As Benghazi Hearing Gets Underway, Gowdy Addresses Critics
WASHINGTON — The Republican chairman of the new Benghazi select committee pledged Wednesday during the first public hearing to conduct an investigation “worthy of the memory of those who died and worthy of the trust of our fellow citizens.”
“I remain hopeful there are still things left in our country that can transcend politics,” South Carolina Republican Rep. Trey Gowdy, the chairman of the committee, said in his opening statement in a Capitol Hill hearing room. “I remain convinced our fellow citizens deserve all of the facts of what happened before, during, and after the attacks in Benghazi and they deserve an investigative process worthy of the memory of those who died and worthy of the trust of our fellow citizens.”
Earlier this year, lawmakers in the House passed a bill to establish the new committee to investigate the 2012 attacks in Benghazi, Libya that left four Americans dead, including Chris Stevens, the U.S. ambassador to Libya.
“Benghazi was not the first time our diplomatic facilities and people have been attacked,” Gowdy said. “The barracks in Beirut, our facilities in Tanzania and Kenya are a few that come to mind amid too many others.”
He lamented how after these attacks occur, a commission is formed, recommendations are made — “yet it happens again.”
“So to those who believe it is time to move on, that there is nothing left to discover, that all questions have been asked and answered, that we have learned the lessons to be learned — we have heard that before,” Gowdy said. “And yet the attacks and the tragedies keep coming.”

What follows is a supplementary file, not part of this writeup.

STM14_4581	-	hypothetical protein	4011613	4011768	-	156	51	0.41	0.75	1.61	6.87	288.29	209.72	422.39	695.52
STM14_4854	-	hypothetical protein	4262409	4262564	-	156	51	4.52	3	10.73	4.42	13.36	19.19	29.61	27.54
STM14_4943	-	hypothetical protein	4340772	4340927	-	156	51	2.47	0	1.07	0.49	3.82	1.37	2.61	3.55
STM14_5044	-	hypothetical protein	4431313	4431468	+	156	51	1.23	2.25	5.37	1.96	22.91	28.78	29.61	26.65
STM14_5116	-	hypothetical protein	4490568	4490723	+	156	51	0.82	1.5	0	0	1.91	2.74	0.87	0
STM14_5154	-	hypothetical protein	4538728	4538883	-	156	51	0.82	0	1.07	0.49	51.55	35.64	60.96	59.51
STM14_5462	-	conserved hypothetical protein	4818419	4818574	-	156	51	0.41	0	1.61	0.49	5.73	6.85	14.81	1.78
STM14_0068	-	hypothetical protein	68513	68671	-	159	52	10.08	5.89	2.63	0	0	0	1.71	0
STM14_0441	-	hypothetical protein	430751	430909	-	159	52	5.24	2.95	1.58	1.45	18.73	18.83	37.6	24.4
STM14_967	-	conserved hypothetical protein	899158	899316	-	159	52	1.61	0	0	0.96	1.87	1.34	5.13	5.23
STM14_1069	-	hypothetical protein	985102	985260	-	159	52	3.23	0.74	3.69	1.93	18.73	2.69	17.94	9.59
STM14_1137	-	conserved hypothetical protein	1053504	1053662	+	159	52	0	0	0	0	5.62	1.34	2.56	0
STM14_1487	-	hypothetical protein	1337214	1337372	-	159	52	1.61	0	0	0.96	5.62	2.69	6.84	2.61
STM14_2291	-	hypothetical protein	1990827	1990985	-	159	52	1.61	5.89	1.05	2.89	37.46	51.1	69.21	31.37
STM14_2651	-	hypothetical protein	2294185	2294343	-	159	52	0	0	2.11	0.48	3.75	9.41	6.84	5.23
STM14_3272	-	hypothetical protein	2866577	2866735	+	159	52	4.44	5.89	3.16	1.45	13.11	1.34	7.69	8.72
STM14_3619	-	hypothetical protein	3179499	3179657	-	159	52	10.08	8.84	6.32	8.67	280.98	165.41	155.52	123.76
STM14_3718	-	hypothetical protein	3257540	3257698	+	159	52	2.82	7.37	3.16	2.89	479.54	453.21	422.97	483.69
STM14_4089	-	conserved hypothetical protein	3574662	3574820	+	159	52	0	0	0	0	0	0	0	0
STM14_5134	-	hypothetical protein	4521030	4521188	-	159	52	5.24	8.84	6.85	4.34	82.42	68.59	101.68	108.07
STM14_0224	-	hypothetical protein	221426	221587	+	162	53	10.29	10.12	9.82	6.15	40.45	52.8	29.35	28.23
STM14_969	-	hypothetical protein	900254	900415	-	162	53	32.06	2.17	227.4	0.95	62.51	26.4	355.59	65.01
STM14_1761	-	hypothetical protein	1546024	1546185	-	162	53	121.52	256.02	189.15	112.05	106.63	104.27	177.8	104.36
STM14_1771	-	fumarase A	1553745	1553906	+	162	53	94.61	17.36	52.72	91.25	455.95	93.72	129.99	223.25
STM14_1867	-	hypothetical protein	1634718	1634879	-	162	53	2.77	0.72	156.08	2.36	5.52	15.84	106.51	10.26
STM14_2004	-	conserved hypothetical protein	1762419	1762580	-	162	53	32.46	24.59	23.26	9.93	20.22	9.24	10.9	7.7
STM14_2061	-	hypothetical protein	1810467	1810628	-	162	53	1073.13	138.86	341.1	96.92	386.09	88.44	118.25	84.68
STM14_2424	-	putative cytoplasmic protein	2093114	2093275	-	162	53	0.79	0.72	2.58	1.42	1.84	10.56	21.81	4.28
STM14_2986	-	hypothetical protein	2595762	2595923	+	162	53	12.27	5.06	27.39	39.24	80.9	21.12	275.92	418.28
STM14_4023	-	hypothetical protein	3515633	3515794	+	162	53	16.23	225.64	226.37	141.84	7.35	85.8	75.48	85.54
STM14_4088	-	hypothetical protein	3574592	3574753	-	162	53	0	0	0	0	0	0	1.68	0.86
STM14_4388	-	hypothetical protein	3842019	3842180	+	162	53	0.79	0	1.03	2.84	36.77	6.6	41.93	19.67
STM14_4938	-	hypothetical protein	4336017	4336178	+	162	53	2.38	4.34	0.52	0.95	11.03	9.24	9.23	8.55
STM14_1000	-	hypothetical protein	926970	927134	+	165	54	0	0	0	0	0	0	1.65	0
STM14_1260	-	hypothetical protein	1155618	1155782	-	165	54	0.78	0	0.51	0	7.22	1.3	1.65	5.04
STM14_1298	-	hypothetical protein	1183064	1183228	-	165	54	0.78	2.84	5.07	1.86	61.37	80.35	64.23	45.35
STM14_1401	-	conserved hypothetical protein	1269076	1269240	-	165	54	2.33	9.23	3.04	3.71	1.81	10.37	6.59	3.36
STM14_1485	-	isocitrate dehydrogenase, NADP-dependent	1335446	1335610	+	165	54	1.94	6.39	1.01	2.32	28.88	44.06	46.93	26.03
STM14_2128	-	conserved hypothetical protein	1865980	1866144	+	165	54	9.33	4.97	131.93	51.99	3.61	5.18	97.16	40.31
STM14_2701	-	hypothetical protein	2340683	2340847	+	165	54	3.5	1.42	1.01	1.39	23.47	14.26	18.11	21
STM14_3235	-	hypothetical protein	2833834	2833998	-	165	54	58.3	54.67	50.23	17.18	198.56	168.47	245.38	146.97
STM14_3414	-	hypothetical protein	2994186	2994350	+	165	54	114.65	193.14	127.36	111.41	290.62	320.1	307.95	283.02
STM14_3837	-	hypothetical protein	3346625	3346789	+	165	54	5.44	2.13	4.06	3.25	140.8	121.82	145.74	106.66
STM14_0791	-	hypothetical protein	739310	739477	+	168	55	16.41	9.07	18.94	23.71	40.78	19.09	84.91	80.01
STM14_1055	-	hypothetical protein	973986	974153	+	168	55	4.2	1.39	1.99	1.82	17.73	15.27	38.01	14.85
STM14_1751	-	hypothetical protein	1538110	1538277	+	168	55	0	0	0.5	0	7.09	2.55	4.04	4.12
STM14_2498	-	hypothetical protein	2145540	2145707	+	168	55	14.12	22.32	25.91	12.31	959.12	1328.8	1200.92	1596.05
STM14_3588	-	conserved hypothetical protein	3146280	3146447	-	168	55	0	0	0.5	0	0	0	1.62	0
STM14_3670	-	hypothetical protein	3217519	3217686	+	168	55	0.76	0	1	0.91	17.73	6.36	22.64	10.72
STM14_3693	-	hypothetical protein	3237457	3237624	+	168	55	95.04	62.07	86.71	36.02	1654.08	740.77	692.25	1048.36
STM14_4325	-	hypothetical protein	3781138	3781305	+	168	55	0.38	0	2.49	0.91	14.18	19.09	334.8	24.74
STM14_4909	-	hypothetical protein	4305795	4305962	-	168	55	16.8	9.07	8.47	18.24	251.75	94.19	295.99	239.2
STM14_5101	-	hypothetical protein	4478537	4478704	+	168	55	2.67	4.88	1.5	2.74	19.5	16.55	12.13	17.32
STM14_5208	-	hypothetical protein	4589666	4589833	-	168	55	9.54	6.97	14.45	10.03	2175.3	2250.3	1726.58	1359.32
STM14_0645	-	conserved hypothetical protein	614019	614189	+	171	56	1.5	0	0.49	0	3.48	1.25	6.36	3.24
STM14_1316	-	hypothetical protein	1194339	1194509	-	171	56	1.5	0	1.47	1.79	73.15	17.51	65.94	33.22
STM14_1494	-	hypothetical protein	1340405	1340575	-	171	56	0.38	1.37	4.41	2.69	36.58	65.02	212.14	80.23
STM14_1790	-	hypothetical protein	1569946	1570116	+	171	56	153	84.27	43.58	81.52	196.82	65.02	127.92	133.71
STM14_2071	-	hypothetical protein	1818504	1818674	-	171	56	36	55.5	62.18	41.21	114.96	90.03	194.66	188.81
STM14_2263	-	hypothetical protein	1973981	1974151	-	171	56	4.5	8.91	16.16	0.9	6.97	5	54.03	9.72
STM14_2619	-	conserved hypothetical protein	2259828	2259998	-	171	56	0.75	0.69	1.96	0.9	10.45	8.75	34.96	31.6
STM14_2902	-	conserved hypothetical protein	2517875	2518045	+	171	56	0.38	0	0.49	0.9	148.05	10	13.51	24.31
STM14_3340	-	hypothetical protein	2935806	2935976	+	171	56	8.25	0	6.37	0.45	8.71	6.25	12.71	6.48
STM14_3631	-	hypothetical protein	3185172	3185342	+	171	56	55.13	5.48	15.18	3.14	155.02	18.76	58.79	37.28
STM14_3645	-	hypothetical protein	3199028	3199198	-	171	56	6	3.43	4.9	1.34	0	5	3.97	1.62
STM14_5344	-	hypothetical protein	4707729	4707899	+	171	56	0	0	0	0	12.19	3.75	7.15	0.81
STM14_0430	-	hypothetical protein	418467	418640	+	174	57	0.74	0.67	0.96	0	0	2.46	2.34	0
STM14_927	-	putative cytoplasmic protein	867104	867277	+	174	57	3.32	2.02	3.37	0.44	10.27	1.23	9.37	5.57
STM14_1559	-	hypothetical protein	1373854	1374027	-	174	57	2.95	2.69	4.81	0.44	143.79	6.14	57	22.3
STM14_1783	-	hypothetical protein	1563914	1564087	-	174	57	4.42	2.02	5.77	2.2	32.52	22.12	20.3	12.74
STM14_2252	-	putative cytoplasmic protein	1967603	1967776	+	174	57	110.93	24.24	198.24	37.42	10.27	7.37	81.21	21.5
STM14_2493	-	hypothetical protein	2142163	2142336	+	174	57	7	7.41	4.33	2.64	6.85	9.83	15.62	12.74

Democratic Rep. Elijah Cummings, the ranking member of the committee who was initially against the formation of the committee, said in his remarks: “Too often over the past two years, the congressional investigation into what happened in Benghazi has devolved into unseemly partisanship.”
“Today, we have an opportunity to focus on reform,” he said. “How can we learn from the past to make things better in the future? This kind of oversight can be productive, it can be critical, and it can sometimes even be tedious, but it can also save people’s lives.”
The committee heard from Greg Starr, the assistant secretary for diplomatic security; Mark J. Sullivan, the former director of the Secret Service; and Todd Keil, the former assistant secretary for infrastructure protection at the Department of Homeland Security.
Wednesday’s hearing, the first to air in public, focused on the implementation of recommendations made by the State Department’s Accountability Review Board in the wake of the attacks. The committee has been doing work and interviewing witnesses behind closed doors.
The tone was much less fiery than prior hearings on the Benghazi attacks by other congressional committees. Not until an hour and a half into the hearings did former Secretary of State Hillary Clinton’s name even come up.
It also drew fewer spectators than other hearings: some seats reserved for the media and the public remained empty throughout the hearing.